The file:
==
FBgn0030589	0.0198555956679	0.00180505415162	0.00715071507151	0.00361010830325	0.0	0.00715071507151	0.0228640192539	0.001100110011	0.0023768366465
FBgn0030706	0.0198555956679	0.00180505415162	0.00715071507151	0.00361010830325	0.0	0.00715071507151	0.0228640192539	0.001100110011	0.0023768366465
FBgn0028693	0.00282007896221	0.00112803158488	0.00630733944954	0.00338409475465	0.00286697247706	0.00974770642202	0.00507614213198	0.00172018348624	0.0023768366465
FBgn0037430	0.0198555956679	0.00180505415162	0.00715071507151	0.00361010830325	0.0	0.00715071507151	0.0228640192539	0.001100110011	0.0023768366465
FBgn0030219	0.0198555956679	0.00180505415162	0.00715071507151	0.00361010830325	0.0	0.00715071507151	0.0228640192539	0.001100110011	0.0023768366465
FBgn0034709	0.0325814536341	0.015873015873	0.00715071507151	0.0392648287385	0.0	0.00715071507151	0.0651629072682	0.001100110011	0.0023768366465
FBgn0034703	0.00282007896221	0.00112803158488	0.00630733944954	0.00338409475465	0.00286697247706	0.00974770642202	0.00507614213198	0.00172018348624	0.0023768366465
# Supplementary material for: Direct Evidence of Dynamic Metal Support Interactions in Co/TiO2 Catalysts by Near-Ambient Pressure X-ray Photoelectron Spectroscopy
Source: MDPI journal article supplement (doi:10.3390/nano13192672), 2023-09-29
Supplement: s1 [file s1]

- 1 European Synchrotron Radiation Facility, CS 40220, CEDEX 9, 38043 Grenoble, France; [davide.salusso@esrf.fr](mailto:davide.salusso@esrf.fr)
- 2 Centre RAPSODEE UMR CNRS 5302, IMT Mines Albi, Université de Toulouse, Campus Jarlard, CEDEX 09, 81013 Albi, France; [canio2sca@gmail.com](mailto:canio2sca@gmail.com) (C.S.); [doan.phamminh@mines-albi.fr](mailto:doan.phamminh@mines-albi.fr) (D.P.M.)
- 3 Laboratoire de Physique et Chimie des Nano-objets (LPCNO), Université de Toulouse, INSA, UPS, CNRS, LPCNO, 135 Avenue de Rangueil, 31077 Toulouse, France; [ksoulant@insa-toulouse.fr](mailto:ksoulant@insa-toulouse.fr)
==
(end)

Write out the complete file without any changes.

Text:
FBgn0030589	0.0198555956679	0.00180505415162	0.00715071507151	0.00361010830325	0.0	0.00715071507151	0.0228640192539	0.001100110011	0.0023768366465
FBgn0030706	0.0198555956679	0.00180505415162	0.00715071507151	0.00361010830325	0.0	0.00715071507151	0.0228640192539	0.001100110011	0.0023768366465
FBgn0028693	0.00282007896221	0.00112803158488	0.00630733944954	0.00338409475465	0.00286697247706	0.00974770642202	0.00507614213198	0.00172018348624	0.0023768366465
FBgn0037430	0.0198555956679	0.00180505415162	0.00715071507151	0.00361010830325	0.0	0.00715071507151	0.0228640192539	0.001100110011	0.0023768366465
FBgn0030219	0.0198555956679	0.00180505415162	0.00715071507151	0.00361010830325	0.0	0.00715071507151	0.0228640192539	0.001100110011	0.0023768366465
FBgn0034709	0.0325814536341	0.015873015873	0.00715071507151	0.0392648287385	0.0	0.00715071507151	0.0651629072682	0.001100110011	0.0023768366465
FBgn0034703	0.00282007896221	0.00112803158488	0.00630733944954	0.00338409475465	0.00286697247706	0.00974770642202	0.00507614213198	0.00172018348624	0.0023768366465
# Supplementary material for: Direct Evidence of Dynamic Metal Support Interactions in Co/TiO2 Catalysts by Near-Ambient Pressure X-ray Photoelectron Spectroscopy
Source: MDPI journal article supplement (doi:10.3390/nano13192672), 2023-09-29
Supplement: s1 [file s1]

- 1 European Synchrotron Radiation Facility, CS 40220, CEDEX 9, 38043 Grenoble, France; [davide.salusso@esrf.fr](mailto:davide.salusso@esrf.fr)
- 2 Centre RAPSODEE UMR CNRS 5302, IMT Mines Albi, Université de Toulouse, Campus Jarlard, CEDEX 09, 81013 Albi, France; [canio2sca@gmail.com](mailto:canio2sca@gmail.com) (C.S.); [doan.phamminh@mines-albi.fr](mailto:doan.phamminh@mines-albi.fr) (D.P.M.)
- 3 Laboratoire de Physique et Chimie des Nano-objets (LPCNO), Université de Toulouse, INSA, UPS, CNRS, LPCNO, 135 Avenue de Rangueil, 31077 Toulouse, France; [ksoulant@insa-toulouse.fr](mailto:ksoulant@insa-toulouse.fr)